Archaeologists have uncovered a Roman temple beneath a former burial ground in the grounds of a cathedral in central England.
Experts at the University of Leicester said on Tuesday they had found a crypt of a Roman building and a fragment of an 1,800-year-old altar stone during excavations in the grounds of Leicester Cathedral.
“The folklore has always been that there was a Roman temple under the cathedral,” said Matthew Morris, director of excavations at the University of Leicester’s Archaeological Service.
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“Until now, there was no way of being able to say what was or was not,” he said, but the new findings suggest that “underneath the cathedral there is definitely a Roman place of worship.”
Morris and his team believe that this crypt, about 10 feet below the ground, was built in the second century. Several pieces of Roman pottery and coins were also found at the site.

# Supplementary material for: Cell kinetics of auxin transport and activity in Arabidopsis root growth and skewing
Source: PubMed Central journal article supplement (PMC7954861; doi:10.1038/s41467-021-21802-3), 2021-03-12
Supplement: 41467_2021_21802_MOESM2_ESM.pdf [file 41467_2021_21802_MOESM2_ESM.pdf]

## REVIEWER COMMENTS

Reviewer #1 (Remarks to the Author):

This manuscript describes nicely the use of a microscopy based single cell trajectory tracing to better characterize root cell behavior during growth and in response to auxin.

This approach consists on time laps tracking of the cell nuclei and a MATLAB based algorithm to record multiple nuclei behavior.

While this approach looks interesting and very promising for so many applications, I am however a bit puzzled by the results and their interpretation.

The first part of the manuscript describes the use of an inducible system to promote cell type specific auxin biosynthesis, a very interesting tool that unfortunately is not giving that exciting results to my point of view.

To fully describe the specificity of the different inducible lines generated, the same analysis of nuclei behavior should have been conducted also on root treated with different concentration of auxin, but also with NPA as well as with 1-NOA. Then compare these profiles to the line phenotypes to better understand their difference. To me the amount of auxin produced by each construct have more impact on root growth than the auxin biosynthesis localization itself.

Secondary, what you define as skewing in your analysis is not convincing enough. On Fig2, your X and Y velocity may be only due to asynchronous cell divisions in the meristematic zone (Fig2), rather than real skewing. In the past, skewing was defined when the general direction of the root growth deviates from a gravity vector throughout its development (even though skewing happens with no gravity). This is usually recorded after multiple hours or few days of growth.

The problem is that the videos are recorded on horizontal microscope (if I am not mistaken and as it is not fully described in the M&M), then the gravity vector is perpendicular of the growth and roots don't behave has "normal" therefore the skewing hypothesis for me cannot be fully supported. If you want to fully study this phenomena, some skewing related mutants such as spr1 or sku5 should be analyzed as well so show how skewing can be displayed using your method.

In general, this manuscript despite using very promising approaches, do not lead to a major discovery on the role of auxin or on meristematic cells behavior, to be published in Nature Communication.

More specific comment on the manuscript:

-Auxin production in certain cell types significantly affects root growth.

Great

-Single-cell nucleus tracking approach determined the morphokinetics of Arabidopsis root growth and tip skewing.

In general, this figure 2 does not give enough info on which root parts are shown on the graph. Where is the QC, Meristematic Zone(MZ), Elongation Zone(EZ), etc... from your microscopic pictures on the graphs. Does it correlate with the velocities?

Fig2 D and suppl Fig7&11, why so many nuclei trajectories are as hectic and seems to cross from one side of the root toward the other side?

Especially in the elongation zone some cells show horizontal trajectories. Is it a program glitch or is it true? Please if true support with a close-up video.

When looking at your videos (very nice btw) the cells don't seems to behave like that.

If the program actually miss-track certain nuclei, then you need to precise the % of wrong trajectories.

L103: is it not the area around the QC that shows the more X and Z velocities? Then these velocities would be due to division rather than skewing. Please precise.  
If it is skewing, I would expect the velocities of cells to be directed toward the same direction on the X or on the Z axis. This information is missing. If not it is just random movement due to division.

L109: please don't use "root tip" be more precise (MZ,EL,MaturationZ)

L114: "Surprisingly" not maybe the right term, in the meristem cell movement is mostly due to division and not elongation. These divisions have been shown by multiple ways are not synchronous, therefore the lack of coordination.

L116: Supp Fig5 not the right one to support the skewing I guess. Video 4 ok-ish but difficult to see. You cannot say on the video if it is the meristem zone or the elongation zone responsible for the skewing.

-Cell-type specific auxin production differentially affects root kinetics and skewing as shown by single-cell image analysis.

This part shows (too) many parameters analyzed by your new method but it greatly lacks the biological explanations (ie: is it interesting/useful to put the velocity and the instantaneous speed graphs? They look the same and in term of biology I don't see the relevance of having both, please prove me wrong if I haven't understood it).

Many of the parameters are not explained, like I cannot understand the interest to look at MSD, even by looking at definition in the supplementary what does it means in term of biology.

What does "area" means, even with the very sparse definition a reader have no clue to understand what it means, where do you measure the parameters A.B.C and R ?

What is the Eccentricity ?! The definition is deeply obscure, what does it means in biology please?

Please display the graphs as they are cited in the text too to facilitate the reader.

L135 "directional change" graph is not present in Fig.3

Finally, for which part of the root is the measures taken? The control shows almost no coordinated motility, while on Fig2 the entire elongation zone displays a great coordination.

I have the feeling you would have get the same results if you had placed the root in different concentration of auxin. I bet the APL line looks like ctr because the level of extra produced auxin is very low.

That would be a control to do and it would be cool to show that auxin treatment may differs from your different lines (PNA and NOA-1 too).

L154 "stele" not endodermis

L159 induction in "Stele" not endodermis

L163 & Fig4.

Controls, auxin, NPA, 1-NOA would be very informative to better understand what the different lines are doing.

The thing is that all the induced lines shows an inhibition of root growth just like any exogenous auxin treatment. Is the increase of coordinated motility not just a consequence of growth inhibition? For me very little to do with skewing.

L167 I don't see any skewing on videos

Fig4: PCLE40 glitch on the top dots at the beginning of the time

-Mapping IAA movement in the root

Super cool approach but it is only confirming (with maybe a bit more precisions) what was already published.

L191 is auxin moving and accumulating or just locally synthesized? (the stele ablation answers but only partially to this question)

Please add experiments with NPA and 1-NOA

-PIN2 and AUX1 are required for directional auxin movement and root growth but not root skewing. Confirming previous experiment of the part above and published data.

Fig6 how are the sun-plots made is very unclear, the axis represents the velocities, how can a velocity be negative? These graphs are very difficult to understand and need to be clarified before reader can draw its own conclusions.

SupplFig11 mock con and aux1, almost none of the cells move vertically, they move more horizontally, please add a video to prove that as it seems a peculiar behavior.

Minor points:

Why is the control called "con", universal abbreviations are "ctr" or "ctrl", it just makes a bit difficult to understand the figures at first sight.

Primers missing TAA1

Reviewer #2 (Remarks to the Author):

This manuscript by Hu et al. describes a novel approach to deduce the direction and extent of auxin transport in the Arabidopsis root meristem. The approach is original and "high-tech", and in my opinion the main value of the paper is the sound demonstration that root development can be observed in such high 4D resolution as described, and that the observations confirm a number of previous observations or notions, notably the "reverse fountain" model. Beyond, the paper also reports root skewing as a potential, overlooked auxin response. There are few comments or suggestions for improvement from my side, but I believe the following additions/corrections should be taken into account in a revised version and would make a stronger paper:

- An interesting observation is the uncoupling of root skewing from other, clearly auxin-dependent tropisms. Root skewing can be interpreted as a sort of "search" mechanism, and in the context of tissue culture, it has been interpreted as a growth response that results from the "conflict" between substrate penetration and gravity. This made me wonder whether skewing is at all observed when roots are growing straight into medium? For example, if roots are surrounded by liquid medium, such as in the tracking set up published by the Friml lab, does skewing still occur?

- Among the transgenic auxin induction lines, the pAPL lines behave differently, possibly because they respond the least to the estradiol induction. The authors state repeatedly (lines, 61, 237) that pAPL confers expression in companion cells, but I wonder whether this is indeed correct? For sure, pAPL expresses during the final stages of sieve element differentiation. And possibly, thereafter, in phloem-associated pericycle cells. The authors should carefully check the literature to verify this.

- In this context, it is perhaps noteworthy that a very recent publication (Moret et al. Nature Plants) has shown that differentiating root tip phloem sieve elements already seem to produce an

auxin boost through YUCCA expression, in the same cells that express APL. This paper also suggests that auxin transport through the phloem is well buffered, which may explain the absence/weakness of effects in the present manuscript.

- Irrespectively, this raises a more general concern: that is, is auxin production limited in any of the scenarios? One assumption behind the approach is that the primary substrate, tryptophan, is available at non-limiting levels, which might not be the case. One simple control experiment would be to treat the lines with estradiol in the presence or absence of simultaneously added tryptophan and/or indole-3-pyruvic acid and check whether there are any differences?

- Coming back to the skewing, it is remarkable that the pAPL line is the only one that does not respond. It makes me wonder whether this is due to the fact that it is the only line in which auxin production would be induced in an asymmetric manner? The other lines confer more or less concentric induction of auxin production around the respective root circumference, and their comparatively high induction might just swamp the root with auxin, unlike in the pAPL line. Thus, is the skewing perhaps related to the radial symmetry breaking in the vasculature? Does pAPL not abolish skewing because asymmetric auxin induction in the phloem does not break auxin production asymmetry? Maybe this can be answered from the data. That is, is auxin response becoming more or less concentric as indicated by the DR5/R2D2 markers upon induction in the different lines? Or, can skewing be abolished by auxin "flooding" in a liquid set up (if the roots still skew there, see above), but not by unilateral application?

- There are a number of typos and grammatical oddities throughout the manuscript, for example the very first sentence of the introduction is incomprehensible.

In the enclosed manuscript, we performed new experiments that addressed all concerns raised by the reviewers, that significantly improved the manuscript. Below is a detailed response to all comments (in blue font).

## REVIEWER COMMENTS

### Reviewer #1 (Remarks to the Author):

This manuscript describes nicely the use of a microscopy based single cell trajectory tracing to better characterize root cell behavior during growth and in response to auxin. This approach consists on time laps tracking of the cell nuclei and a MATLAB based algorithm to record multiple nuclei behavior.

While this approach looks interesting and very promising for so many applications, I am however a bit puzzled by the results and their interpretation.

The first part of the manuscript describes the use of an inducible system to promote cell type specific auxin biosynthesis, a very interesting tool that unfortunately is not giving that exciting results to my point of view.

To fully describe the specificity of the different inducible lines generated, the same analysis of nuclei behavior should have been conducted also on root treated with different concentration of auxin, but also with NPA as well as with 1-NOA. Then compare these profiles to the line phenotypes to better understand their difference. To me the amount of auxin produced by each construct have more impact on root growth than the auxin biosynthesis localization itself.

The Romans built a fort at Leicester around AD 50, known as Ratae Coriltauvorum.
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The excavation was part of a multi-million pound project to restore Leicester Cathedral, which is thought to have been first built in the 11th century. The cathedral is now home to the tomb of Richard III, the last Plantagenet king of England and the last English monarch killed in battle. He died in 1485.
An archaeological team from the University of Leicester found the remains of a medieval king in a Leicester city center parking lot a decade ago. He was re-interred in the cathedral in 2015.
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